Facebook Pixel

Being Your Own Best Advocate - A Metastatic Breast Cancer Story

By HERWriter Guide
Rate This
metastatic breast cancer advocate Voyagerix/Fotolia

A story from MyMBCStory.com, a program brought to you by AstraZeneca

When you’re diagnosed with cancer, especially the type that you know you’ll live with for the rest of your life, it’s easy to let the fear take over and focus on just getting through each day. Doris Ann Price, who has been living with metastatic breast cancer (MBC) for the last 9 years, believes that the most important thing is to live life one moment at a time, discover who you are and live each day fully and authentically.

Having lived with the most advanced stage of breast cancer that has spread to other areas of her body for nearly a decade, Price also feels very strongly that people should be their own best advocate and take charge of their health with responsibility and with grace. That may mean you educate yourself to make sure you understand how the disease is affecting your body or it could mean that you ask questions when you don’t understand or have a different opinion than your doctor’s recommendation, even if it’s scary or uncomfortable.

Price took her own diagnosis with metastatic breast cancer as a wake-up call to embrace every day as though it was the first day of the rest of her life. Price has actively educated herself so she can best manage her MBC and get the most out of every day. This means that she has pushed herself to learn as much as possible about her disease, including her hormone type. Knowing her hormone type has helped Price and her medical team identify the best ways to treat her particular form of breast cancer. Since Price is actively involved in treatment discussions, she works closely with her doctors to make informed decisions about her care.

Another challenge of living with metastatic breast cancer, is the sense of isolation and loneliness that often accompanies this disease. Many people have an idea of what breast cancer means based on the wealth of information available about early stage breast cancer, however, they don’t understand the unique challenges that those living with metastatic breast cancer face. This can make it difficult to find a strong support system throughout their MBC journey. Price believes that talking about her own experiences with other women who have MBC is the best way to combat the feelings of isolation she experiences along this journey.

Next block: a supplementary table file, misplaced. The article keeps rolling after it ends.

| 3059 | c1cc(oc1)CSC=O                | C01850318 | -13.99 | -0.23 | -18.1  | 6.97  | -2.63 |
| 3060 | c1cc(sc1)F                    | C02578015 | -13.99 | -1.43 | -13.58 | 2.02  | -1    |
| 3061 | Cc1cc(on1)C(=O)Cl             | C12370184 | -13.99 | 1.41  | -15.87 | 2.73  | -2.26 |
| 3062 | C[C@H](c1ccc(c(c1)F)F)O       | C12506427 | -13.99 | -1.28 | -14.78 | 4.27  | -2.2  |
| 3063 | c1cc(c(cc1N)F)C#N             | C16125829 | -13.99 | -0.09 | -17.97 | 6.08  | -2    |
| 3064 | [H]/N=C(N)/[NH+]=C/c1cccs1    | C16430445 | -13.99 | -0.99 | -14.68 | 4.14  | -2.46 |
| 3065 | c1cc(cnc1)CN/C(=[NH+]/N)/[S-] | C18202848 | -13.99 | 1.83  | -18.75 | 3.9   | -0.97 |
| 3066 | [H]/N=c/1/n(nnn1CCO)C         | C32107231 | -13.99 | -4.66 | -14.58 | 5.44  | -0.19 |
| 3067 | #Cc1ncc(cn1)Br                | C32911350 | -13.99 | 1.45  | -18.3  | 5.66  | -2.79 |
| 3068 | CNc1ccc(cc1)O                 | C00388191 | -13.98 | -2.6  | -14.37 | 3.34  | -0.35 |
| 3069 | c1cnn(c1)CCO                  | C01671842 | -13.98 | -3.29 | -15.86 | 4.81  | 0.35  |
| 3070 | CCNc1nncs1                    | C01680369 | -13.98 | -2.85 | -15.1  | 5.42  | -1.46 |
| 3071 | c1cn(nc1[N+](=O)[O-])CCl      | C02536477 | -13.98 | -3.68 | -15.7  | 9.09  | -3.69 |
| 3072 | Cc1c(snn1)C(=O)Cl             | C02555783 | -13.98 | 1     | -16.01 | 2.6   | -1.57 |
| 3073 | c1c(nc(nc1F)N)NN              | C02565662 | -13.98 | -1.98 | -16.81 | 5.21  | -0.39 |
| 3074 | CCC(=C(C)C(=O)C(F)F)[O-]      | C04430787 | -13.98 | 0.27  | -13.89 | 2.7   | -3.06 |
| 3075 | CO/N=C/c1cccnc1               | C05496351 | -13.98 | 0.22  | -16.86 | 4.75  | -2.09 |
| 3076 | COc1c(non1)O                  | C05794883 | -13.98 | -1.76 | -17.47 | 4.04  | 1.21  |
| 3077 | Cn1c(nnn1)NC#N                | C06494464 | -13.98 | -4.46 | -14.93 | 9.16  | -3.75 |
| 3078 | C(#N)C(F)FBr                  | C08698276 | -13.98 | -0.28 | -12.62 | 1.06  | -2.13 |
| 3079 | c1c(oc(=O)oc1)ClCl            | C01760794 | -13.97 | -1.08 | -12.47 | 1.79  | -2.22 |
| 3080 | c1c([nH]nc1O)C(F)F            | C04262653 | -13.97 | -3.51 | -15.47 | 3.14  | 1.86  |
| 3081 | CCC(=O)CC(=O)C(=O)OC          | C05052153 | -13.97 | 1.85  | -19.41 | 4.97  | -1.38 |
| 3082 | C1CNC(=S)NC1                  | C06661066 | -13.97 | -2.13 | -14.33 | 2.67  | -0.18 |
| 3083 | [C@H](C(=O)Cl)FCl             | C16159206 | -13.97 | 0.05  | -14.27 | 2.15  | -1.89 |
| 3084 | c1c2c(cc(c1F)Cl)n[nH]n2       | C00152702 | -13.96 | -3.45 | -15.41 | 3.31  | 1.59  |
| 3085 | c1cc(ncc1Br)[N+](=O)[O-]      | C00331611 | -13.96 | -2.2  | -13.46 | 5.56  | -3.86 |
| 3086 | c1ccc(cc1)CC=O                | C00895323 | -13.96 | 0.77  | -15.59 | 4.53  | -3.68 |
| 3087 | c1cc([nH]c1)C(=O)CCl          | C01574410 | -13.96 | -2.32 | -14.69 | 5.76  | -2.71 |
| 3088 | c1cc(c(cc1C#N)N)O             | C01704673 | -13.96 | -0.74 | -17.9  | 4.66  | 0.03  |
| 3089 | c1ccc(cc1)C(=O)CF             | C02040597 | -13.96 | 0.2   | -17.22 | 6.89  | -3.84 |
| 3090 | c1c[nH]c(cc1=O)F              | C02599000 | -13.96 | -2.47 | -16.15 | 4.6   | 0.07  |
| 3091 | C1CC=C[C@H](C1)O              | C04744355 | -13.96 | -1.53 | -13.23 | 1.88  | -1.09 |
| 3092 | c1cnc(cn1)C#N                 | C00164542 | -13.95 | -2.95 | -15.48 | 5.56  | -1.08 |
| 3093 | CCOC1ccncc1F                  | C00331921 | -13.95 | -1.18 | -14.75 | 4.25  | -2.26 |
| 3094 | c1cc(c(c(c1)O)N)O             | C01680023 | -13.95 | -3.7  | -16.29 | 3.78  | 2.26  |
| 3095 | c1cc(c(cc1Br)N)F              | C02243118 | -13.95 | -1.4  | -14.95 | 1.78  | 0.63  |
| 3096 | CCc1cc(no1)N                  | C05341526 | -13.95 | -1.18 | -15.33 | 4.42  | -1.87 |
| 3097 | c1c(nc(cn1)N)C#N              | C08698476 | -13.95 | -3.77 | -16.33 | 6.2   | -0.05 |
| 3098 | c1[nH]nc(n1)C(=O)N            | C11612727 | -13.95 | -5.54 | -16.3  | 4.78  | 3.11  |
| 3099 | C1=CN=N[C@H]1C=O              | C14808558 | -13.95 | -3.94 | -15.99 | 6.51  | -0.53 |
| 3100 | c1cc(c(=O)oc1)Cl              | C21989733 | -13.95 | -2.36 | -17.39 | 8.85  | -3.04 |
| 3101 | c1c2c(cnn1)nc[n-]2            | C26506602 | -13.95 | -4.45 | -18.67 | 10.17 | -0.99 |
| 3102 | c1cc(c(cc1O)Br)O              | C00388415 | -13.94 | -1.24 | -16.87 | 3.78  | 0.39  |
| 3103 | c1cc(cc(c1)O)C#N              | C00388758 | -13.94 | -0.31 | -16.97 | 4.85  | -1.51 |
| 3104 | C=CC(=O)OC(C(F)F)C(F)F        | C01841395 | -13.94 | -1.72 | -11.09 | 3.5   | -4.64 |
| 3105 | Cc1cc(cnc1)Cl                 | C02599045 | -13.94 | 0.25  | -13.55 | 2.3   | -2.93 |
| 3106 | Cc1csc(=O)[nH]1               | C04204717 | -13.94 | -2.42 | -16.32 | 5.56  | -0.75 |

“It’s very important that women share their story with other women on this journey, because metastatic breast cancer is very isolating ... everyone feels like they’re unique and that no one could possibly understand,” Price said.

Price aims to inspire and provide hope to the estimated 175,000 women currently living with metastatic breast cancer by sharing her personal journey with MBC, and encourages others facing similar challenges to share their stories of living with the disease. Price feels that sharing these personal experiences and challenges can be therapeutic and also help those living with metastatic breast cancer feel more comfortable with their diagnosis.

A diagnosis of MBC can be challenging and create physical, mental, and emotional obstacles. Price’s story reminds others living with MBC that they are not alone and there is power in numbers. Sharing common experiences and learning from each other about what may help along their MBC journey empowers those living with MBC to proactively manage their disease so they can live life fully and celebrate every moment.

To show support for women like Doris who are living with MBC, AstraZeneca launched the nationwide #MBCStrength photo and story-sharing campaign.

If you are living with MBC, share your own journey with MBC by visiting the MyMBCStory Facebook Page and posting your own photo and/or story. Photos posted on the Facebook page will be considered for a display in Times Square on Metastatic Breast Cancer Awareness Day, October 13, 2015.

We value and respect our HERWriters' experiences, but everyone is different. Many of our writers are speaking from personal experience, and what's worked for them may not work for you. Their articles are not a substitute for medical advice, although we hope you can gain knowledge from their insight.

Metastatic Breast Cancer

Get Email Updates

Health Newsletter

Receive the latest and greatest in women's health and wellness from EmpowHER - for free!